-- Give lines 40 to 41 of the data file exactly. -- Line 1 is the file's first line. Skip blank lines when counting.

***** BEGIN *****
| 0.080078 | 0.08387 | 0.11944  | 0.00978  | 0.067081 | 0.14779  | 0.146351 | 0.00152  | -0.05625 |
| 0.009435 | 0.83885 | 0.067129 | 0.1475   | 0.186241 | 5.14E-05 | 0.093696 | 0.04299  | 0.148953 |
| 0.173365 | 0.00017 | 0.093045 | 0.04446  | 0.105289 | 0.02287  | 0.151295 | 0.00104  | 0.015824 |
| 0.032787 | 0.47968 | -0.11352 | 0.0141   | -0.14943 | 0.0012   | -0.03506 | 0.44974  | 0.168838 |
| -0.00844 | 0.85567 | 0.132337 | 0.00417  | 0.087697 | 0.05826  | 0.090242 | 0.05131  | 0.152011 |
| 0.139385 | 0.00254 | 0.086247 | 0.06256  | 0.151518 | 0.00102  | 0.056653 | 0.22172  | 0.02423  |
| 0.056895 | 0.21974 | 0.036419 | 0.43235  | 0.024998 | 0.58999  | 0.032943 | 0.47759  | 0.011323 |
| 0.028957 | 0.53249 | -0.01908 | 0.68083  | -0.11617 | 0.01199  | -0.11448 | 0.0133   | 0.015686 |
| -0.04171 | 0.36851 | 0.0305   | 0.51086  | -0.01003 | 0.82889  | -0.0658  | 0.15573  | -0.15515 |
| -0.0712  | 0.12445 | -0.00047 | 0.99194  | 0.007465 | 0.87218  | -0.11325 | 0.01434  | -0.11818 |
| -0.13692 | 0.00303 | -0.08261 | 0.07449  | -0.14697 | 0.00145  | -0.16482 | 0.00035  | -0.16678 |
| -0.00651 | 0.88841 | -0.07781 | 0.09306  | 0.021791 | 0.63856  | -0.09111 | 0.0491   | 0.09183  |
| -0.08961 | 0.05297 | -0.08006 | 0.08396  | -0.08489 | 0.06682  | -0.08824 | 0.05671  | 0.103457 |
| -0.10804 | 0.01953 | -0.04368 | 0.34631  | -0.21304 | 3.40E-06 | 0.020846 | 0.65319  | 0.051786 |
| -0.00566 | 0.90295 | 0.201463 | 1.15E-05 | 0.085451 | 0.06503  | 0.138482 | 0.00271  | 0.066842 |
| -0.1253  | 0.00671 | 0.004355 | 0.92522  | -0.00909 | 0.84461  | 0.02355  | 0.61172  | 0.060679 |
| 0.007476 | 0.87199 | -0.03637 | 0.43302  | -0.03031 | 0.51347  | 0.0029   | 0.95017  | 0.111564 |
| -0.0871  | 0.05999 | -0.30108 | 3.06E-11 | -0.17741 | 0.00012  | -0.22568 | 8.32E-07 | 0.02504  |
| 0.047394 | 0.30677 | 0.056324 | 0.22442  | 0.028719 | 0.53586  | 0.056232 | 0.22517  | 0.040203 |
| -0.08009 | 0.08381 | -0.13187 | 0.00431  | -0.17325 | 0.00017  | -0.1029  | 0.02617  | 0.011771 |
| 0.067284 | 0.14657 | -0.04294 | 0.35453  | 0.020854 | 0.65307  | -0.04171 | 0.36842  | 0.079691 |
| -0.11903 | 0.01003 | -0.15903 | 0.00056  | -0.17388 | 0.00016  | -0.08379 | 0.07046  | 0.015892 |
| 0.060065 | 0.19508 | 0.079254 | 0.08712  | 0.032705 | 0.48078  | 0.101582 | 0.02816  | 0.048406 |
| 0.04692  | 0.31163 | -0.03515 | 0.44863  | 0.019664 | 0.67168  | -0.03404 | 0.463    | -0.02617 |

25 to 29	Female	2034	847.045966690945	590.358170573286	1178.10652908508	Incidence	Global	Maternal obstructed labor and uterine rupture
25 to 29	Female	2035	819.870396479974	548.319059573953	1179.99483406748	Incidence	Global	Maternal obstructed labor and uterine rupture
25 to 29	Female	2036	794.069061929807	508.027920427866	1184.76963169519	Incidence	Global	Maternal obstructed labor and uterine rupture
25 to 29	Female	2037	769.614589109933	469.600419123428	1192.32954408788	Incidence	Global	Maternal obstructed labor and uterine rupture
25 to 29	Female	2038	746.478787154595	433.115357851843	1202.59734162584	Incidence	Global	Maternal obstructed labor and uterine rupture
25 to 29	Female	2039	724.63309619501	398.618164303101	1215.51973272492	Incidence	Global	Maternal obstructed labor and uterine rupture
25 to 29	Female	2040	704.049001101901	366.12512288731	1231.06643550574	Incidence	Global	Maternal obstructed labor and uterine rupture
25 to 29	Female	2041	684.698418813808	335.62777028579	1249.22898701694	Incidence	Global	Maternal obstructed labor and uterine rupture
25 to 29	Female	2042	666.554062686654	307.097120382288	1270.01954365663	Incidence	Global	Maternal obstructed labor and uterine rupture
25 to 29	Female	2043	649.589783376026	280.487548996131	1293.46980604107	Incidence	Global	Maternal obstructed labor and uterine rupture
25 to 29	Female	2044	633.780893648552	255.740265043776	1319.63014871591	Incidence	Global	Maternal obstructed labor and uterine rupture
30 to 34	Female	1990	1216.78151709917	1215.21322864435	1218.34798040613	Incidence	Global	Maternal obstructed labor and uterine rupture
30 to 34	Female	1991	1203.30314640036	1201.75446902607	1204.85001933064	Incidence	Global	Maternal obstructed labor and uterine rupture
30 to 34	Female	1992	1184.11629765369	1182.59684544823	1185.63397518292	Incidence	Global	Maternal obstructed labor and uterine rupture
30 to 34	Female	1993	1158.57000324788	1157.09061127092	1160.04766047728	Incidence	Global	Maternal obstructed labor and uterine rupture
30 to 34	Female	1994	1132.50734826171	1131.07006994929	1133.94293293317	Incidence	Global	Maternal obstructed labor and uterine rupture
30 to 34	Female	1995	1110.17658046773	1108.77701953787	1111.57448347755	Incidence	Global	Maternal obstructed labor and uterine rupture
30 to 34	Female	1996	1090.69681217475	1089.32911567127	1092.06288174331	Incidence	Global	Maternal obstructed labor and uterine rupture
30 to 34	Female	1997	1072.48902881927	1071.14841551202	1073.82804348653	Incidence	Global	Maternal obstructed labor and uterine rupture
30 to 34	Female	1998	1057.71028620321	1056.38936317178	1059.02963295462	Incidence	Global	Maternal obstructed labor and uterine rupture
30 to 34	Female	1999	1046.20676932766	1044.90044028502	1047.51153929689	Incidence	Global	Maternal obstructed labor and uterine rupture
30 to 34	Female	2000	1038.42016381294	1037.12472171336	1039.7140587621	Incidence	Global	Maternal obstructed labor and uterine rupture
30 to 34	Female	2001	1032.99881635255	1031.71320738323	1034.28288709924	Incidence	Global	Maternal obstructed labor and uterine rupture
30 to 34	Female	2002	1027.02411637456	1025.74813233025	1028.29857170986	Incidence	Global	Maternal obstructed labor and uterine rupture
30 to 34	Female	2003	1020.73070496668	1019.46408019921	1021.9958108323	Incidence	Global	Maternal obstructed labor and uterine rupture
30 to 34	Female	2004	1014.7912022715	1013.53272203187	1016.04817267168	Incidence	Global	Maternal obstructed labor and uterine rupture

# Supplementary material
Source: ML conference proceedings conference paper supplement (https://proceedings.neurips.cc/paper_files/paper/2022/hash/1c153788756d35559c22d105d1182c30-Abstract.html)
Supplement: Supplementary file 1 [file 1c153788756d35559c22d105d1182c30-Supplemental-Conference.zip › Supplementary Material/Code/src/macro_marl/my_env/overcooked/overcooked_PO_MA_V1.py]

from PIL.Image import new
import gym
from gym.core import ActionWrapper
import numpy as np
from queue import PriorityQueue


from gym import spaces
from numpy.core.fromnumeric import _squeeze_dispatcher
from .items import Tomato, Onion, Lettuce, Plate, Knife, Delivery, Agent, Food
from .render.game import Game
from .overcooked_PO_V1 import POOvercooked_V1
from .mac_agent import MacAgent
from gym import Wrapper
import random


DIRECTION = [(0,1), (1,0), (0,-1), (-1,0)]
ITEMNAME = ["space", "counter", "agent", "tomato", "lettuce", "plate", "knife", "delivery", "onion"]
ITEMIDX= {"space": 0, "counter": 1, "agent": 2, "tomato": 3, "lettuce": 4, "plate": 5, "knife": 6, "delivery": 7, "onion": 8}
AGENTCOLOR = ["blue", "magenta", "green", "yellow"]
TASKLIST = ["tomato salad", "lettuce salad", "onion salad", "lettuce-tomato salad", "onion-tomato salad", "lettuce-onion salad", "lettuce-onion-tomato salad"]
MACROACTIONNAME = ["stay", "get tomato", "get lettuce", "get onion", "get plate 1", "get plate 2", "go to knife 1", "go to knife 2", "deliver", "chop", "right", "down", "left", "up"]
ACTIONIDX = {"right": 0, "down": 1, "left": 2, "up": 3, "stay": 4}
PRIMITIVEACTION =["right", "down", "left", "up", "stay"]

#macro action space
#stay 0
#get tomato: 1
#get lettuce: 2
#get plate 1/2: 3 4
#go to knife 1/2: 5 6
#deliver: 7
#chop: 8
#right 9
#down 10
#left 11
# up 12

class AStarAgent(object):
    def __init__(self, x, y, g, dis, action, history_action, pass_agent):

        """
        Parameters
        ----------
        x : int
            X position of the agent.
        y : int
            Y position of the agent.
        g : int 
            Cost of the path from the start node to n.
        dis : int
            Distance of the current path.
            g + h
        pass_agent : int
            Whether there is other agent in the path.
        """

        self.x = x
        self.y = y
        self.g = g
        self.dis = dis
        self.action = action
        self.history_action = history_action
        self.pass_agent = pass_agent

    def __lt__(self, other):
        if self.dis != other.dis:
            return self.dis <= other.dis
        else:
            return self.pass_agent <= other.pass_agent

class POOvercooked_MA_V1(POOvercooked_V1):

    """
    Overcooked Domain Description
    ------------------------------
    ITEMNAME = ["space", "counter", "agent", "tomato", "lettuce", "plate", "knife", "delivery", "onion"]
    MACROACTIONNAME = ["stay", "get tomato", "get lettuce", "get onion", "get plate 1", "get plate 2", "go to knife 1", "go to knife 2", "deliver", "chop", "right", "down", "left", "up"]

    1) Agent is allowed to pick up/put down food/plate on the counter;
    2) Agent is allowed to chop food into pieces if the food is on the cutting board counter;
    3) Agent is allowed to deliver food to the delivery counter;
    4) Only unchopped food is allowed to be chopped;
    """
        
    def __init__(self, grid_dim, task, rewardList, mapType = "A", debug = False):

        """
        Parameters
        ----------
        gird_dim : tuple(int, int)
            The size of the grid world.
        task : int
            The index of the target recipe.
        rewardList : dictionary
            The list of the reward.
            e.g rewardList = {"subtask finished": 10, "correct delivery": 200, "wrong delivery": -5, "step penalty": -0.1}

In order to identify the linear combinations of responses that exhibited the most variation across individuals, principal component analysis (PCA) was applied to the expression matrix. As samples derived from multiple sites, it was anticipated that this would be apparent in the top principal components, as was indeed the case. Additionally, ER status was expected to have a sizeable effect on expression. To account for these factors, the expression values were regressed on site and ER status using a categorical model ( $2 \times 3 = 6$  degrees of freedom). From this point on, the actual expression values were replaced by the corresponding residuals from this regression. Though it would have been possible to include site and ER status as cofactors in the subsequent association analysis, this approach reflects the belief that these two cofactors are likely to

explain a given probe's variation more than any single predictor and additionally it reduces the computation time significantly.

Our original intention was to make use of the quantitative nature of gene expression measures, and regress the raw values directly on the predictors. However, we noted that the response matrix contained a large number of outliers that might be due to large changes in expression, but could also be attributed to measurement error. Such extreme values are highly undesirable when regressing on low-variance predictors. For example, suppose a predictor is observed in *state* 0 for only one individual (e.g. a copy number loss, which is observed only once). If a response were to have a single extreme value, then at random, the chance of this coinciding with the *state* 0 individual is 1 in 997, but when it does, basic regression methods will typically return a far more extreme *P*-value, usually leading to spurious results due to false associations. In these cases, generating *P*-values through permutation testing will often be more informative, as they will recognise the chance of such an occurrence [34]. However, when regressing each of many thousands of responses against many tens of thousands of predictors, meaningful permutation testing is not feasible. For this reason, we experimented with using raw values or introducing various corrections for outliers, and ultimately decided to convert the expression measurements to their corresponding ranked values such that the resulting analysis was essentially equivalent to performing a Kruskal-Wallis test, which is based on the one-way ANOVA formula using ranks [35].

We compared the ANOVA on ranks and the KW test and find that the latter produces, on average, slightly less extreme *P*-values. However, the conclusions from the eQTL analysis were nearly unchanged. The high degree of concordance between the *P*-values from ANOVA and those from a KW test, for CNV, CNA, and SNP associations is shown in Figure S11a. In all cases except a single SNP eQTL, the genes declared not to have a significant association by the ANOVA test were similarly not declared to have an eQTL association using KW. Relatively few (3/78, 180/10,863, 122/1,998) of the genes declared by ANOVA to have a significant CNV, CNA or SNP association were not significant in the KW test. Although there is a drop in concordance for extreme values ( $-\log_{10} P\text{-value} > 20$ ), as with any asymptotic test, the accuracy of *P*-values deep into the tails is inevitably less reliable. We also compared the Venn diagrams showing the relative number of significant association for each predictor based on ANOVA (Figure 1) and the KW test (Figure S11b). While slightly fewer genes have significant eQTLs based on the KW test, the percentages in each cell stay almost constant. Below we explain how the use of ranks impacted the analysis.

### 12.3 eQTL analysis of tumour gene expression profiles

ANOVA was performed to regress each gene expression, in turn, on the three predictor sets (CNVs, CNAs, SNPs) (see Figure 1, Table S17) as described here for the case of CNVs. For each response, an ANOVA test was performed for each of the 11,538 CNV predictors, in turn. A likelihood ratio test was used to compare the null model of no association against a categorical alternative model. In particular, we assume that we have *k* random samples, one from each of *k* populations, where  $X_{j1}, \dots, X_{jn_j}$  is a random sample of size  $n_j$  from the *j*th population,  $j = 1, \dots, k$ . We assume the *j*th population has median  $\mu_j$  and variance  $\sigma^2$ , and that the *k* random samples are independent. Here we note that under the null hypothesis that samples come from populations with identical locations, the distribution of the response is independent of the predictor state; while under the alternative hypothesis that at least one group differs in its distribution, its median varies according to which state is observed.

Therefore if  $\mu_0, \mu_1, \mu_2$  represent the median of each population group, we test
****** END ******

30 to 34	Female	1994	1132.50734826171	1131.07006994929	1133.94293293317	Incidence	Global	Maternal obstructed labor and uterine rupture
30 to 34	Female	1995	1110.17658046773	1108.77701953787	1111.57448347755	Incidence	Global	Maternal obstructed labor and uterine rupture